Gun control groups are cheering today after the Supreme Court denied an appeal by the gun maker Remington seeking to block a lawsuit over its advertising practices brought by parents of students killed in the attack at Sandy Hook Elementary in Newtown, Connecticut in 2012. The justices released the decision without comment, rejecting the argument by Remington’s attorneys that the 2005 Protection of Lawful Commerce in Arms Act prevented these types of suits. A state court in Connecticut agreed with the gunmaker, but the state’s Supreme Court ruled that despite the PLCAA, gun companies could be sued under state law for their marketing practices. Today’s decision by SCOTUS means the lawsuit will continue.
The case tests the reach of a 2005 law passed by Congress to protect firearms manufacturers from being held liable for crimes committed by gun purchasers. That law was hailed by the National Rifle Association, but it included exceptions, including one for violating rules related to marketing and advertising.
Gun control advocates have said a victory by the families in the long-running dispute could lead to more lawsuits and damaging disclosures involving the firearms industry.
The Connecticut Supreme Court ruled 4-3 in March that Remington can be sued because of the way the AR-15-style Bushmaster rifle was marketed. The families’ lawsuit contends that Remington glorified the gun in advertising aimed at young people, including in violent video games.
Just because the Supreme Court has allowed the case to continue doesn’t mean that the plaintiffs are assured of a victory. For gun control advocates, however, today’s decision is a big win because it opens the door to similar lawsuits against other firearms manufacturers. This is the big reason why the Protection of Lawful Commerce in Arms Act was passed in the first place. Gun control groups had partnered with cities around the country in the 1990s and were trying to inflict a “death by a thousand cuts” legal strategy of bankrupting the firearms industry with these junk lawsuits. As Second Amendment attorney and scholar Dave Kopel put it in 2003:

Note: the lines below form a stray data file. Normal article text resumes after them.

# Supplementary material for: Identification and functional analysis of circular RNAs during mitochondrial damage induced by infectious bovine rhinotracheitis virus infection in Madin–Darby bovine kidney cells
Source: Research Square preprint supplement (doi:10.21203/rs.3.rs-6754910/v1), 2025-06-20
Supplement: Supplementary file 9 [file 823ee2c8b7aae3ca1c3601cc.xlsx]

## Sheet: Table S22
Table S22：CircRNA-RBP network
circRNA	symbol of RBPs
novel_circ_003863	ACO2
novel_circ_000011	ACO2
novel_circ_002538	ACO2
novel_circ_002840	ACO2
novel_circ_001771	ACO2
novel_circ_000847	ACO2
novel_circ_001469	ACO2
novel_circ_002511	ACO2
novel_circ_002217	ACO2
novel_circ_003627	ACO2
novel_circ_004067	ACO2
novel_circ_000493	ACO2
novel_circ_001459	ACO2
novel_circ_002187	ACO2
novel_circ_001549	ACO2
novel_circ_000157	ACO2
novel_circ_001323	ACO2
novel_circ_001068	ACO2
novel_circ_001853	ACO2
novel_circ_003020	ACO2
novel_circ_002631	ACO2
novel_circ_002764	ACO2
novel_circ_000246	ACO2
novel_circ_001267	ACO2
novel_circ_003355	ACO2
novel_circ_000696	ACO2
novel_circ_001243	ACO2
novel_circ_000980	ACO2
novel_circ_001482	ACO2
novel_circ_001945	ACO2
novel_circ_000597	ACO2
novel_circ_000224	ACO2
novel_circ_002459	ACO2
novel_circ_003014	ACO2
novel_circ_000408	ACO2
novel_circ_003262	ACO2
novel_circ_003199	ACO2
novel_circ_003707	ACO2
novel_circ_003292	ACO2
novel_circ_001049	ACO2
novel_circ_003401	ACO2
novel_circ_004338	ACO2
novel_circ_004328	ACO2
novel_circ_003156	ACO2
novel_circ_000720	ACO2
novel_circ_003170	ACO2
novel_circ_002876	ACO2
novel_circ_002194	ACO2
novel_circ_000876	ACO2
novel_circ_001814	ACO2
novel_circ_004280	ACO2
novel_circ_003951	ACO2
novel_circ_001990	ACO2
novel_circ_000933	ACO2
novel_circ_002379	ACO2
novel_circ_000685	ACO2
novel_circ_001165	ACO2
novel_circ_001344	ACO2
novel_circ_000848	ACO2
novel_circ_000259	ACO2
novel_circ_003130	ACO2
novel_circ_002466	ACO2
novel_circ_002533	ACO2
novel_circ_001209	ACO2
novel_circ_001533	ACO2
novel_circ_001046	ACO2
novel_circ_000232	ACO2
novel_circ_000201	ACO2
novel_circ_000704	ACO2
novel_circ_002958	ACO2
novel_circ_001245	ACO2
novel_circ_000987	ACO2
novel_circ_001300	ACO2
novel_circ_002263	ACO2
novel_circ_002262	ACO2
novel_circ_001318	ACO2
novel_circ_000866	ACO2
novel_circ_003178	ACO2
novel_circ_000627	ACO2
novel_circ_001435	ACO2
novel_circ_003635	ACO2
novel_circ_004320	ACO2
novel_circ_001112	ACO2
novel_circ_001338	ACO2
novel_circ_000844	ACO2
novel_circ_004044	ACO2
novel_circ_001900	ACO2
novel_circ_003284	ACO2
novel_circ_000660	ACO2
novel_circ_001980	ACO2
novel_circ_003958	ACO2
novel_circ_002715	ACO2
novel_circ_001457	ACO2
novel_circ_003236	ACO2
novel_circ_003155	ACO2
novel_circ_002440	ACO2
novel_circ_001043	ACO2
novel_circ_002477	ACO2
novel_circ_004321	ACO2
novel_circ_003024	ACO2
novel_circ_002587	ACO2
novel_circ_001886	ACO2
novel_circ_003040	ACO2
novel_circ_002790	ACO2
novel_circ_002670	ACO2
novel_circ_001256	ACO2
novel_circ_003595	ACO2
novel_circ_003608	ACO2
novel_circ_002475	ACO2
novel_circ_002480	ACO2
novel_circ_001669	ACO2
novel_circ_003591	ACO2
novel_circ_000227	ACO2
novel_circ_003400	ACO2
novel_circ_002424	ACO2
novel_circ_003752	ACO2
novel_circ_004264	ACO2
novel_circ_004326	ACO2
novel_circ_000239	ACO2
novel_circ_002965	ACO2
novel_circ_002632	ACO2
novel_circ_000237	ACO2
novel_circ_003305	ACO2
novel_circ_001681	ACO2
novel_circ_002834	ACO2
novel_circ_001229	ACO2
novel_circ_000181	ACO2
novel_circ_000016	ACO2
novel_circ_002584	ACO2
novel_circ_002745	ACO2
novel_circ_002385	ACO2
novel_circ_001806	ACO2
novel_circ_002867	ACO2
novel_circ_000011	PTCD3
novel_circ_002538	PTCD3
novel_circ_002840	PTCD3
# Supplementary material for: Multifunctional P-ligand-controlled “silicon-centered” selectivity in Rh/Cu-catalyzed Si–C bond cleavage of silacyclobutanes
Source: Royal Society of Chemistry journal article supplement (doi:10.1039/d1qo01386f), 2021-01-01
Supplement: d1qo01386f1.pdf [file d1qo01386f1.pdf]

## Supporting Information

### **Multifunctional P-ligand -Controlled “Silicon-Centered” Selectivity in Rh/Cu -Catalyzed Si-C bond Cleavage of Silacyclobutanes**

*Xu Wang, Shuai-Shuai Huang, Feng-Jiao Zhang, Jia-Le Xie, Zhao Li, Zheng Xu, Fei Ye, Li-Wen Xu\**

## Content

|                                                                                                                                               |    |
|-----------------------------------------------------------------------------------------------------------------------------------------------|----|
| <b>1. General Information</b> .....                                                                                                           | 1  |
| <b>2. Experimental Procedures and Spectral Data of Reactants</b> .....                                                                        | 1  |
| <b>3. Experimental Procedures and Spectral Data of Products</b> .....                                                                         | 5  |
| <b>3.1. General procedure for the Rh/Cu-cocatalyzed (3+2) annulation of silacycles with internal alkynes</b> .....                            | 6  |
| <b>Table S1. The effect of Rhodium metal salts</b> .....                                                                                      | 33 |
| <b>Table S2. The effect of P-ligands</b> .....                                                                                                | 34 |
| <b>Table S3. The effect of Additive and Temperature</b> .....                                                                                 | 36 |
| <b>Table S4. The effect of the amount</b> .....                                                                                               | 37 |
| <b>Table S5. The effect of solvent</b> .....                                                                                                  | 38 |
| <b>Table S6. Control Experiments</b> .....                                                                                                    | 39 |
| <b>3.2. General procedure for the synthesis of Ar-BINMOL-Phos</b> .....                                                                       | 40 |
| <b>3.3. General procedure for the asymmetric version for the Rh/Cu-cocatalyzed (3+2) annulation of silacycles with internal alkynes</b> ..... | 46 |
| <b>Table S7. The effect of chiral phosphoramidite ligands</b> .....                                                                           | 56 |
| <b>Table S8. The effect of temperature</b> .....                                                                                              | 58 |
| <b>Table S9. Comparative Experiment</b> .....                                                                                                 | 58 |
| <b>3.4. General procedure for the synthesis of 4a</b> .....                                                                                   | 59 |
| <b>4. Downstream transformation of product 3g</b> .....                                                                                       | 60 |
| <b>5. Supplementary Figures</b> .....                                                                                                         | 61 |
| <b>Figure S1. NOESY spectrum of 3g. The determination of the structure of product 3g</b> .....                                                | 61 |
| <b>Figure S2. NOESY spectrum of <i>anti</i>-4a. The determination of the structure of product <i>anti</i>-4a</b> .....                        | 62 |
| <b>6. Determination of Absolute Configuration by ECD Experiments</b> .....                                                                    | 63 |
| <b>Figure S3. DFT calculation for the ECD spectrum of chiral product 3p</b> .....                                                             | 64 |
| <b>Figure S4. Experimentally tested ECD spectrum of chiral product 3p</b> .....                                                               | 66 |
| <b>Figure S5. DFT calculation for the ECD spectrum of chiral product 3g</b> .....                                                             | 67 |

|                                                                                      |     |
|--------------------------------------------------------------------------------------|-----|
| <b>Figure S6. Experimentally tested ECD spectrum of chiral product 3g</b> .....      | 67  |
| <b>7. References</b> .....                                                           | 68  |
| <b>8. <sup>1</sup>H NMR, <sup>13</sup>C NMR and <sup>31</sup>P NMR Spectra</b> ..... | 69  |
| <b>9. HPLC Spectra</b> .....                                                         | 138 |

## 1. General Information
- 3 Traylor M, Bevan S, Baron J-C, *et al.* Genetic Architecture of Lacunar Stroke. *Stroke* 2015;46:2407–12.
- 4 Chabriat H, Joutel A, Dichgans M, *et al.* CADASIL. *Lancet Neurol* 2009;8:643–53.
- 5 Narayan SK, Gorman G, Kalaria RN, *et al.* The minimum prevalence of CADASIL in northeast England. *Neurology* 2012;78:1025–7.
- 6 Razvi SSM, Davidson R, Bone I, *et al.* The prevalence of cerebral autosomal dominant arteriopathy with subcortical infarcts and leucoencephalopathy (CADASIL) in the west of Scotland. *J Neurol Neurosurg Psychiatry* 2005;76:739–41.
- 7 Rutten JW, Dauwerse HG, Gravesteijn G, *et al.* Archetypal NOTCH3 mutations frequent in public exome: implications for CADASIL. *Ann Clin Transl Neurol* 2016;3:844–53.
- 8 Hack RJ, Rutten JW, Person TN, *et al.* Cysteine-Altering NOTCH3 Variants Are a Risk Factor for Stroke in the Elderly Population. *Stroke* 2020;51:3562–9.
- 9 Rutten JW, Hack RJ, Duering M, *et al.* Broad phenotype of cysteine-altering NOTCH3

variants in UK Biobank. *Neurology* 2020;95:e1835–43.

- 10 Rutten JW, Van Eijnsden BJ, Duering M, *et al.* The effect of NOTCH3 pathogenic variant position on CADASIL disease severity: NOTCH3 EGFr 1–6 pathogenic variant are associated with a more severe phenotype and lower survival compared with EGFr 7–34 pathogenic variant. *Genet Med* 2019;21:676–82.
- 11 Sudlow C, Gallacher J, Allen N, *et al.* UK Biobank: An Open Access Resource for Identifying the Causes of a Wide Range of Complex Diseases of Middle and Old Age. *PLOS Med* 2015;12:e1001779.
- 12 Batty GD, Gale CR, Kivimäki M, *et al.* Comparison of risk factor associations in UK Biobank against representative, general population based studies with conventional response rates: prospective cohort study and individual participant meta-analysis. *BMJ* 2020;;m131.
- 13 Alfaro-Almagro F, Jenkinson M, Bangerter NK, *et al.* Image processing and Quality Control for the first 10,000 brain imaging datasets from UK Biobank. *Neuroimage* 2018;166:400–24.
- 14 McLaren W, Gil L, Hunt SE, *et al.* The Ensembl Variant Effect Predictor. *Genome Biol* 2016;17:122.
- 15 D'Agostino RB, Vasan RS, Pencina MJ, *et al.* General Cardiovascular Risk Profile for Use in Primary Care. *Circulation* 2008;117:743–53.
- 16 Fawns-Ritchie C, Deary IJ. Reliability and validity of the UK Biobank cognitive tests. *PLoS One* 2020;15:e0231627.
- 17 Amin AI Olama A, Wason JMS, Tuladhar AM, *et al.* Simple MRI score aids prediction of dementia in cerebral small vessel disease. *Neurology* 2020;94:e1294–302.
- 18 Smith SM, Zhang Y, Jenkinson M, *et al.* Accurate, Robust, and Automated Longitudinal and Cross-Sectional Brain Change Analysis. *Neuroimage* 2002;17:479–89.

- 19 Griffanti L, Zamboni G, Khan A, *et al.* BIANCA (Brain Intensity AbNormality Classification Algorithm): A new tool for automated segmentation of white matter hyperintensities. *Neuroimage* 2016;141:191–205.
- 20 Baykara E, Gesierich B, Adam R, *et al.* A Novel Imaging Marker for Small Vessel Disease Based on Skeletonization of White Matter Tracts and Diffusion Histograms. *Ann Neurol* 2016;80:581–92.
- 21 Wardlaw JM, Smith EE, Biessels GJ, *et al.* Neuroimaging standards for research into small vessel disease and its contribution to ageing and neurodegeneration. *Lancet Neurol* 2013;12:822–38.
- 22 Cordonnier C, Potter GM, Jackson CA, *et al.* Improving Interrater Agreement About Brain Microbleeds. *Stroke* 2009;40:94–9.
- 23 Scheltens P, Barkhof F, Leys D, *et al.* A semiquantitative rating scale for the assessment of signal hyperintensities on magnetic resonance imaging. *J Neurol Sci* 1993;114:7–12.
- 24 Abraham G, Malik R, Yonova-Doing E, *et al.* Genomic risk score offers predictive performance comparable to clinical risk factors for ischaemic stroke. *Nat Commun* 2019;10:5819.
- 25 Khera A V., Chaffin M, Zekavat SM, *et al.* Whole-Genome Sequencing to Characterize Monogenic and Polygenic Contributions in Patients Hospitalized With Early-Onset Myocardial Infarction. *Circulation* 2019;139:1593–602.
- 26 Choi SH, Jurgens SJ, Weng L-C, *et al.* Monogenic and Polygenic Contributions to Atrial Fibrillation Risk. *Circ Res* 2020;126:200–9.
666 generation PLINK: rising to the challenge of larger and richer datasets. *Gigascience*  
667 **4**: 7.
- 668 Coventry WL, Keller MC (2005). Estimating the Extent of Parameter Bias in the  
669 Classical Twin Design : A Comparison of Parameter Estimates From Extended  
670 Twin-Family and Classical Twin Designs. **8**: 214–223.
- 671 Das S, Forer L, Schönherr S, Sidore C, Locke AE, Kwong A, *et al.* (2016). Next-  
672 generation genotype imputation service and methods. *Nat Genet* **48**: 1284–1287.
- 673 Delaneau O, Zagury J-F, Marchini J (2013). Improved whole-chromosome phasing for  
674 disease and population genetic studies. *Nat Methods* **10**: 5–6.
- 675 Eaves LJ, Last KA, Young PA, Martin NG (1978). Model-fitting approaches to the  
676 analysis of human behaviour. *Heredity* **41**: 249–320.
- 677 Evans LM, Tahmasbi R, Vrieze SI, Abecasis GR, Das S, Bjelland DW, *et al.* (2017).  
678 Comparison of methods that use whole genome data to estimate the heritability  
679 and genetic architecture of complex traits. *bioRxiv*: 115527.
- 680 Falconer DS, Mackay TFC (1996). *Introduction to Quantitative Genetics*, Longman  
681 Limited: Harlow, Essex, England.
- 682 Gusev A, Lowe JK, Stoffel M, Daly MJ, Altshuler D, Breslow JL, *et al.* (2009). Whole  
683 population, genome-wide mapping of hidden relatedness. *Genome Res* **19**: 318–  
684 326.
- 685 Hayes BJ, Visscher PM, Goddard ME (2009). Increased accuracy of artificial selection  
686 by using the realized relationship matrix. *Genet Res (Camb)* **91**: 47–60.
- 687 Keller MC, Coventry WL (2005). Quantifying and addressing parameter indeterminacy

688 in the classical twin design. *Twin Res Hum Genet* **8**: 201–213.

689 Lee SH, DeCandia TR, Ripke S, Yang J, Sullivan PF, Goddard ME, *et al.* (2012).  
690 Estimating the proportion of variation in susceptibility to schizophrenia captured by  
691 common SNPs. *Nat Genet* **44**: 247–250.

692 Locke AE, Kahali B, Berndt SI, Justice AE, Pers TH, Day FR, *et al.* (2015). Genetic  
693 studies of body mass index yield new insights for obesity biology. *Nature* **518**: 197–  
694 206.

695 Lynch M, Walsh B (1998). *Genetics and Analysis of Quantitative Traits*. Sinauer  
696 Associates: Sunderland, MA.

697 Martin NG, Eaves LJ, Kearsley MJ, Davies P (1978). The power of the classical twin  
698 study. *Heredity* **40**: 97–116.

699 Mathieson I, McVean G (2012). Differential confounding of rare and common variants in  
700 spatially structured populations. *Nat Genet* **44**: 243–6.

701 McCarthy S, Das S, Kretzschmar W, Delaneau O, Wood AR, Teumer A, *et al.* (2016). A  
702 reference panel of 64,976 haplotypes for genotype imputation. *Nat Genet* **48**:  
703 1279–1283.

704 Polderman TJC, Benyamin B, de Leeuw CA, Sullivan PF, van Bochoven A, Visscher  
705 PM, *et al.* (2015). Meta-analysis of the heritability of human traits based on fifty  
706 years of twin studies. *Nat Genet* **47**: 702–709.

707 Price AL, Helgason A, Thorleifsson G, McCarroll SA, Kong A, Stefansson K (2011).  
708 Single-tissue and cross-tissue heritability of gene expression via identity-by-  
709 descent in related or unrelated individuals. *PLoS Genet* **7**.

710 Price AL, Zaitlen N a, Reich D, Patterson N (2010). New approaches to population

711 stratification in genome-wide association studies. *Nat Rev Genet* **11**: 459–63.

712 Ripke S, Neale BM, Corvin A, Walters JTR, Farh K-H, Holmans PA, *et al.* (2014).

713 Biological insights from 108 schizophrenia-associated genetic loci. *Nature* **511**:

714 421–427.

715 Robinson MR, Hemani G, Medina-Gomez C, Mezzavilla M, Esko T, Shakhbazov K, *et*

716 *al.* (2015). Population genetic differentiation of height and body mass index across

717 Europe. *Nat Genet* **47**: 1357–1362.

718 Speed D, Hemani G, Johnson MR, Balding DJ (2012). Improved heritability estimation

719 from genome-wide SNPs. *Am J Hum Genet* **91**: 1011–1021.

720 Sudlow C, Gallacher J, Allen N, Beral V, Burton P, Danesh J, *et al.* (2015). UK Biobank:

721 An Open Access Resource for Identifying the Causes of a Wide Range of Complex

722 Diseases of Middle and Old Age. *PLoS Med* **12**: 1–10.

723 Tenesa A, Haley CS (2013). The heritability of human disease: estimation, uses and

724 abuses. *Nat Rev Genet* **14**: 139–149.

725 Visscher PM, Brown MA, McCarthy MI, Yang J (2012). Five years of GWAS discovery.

At an American Bar Association symposium in 1999, one of the plaintiffs’ attorneys for the antigun lawsuits explained that the attorneys had read the Dun & Bradstreet reports on the firearms companies, estimated how much the companies could spend defending themselves against litigation, and then filed so many cases in so many jurisdictions that the gun companies would not be able to spend the money to see the cases through to a verdict.
The Protection of Lawful Commerce In Arms Act put a stop to the most egregious abuses by the gun control lobby, but today’s decision may allow for a new legal strategy to accomplish the same old goals of the anti-gun groups.
This case could come back to the U.S. Supreme Court after the trial has taken place, depending on the outcome. There may be legal issues that come up during the trial that could be grounds for appeal. In the meantime, however, gun control advocates are sure to take advantage of today’s decision wherever they can. I wouldn’t even be surprised if anti-gun governors and attorneys general try to partner up in a high-profile lawsuit against some of the bigger gun manufacturers.
By focusing on the advertising and marketing of firearms, gun control groups and their attorneys can gain access to all kinds of company information and internal communications during the discovery process. Each document will be carefully parsed and spun to make it seem like the gun industry is out to achieve maximum mayhem with every sale of a firearm, but the reality is quite different.
We know, for example, that semi-automatic rifles are used in a very small number of violent crimes. Even the recent report on active assailants in schools issued by the Secret Service noted that rifles were used in a small number of incidents in schools. The chief attorney for the plaintiffs pointed to one bit of marketing by Remington in particular as evidence of malfeasance, but it seems like a reach to me.
In court papers, Donald Verrilli, the lawyer for the families suing Remington, said its advertising “continued to exploit the fantasy of an all-conquering lone gunman, proclaiming: ‘Forces of opposition, bow down. You are single-handedly outnumbered.’”
I don’t mean to be crude, but the innocent lives who were brutally murdered in the classrooms of Sandy Hook Elementary would have been single-handedly outnumbered if the killer had brought a pistol to the school as well. There was no armed response on campus; no school resource officer or armed staff who could fight back. To me, that marketing pitch wasn’t about murdering kindergarteners in their classrooms. It was about moms protecting their families against multiple intruders. It was about a Florida man protecting himself when four armed intruders broke into his home and began shooting.
I’m not going to be on the jury, however, and who knows what they’ll decide. All we know is that the lawsuit against Remington will go on, and gun control groups are likely to file similar suits against other manufacturers wherever possible.